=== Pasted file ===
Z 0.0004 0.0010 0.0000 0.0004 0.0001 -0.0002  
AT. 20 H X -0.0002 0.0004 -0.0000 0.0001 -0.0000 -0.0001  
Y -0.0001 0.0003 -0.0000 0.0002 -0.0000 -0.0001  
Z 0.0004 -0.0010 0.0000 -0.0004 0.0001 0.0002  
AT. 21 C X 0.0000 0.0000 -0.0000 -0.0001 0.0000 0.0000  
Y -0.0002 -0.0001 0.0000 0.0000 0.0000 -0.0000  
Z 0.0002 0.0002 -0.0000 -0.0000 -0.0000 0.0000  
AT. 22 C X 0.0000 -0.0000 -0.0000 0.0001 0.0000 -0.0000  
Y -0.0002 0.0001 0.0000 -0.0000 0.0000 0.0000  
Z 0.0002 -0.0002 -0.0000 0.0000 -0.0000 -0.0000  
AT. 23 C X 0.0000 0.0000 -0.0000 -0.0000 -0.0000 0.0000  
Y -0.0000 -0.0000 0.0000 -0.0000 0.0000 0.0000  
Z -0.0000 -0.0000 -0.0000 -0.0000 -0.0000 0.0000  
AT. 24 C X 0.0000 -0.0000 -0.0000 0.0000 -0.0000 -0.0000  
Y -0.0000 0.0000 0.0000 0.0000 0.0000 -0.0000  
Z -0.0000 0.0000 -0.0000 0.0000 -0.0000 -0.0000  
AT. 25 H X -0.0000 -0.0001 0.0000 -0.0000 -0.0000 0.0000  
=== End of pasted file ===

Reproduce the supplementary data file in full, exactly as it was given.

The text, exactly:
Z 0.0004 0.0010 0.0000 0.0004 0.0001 -0.0002  
AT. 20 H X -0.0002 0.0004 -0.0000 0.0001 -0.0000 -0.0001  
Y -0.0001 0.0003 -0.0000 0.0002 -0.0000 -0.0001  
Z 0.0004 -0.0010 0.0000 -0.0004 0.0001 0.0002  
AT. 21 C X 0.0000 0.0000 -0.0000 -0.0001 0.0000 0.0000  
Y -0.0002 -0.0001 0.0000 0.0000 0.0000 -0.0000  
Z 0.0002 0.0002 -0.0000 -0.0000 -0.0000 0.0000  
AT. 22 C X 0.0000 -0.0000 -0.0000 0.0001 0.0000 -0.0000  
Y -0.0002 0.0001 0.0000 -0.0000 0.0000 0.0000  
Z 0.0002 -0.0002 -0.0000 0.0000 -0.0000 -0.0000  
AT. 23 C X 0.0000 0.0000 -0.0000 -0.0000 -0.0000 0.0000  
Y -0.0000 -0.0000 0.0000 -0.0000 0.0000 0.0000  
Z -0.0000 -0.0000 -0.0000 -0.0000 -0.0000 0.0000  
AT. 24 C X 0.0000 -0.0000 -0.0000 0.0000 -0.0000 -0.0000  
Y -0.0000 0.0000 0.0000 0.0000 0.0000 -0.0000  
Z -0.0000 0.0000 -0.0000 0.0000 -0.0000 -0.0000  
AT. 25 H X -0.0000 -0.0001 0.0000 -0.0000 -0.0000 0.0000  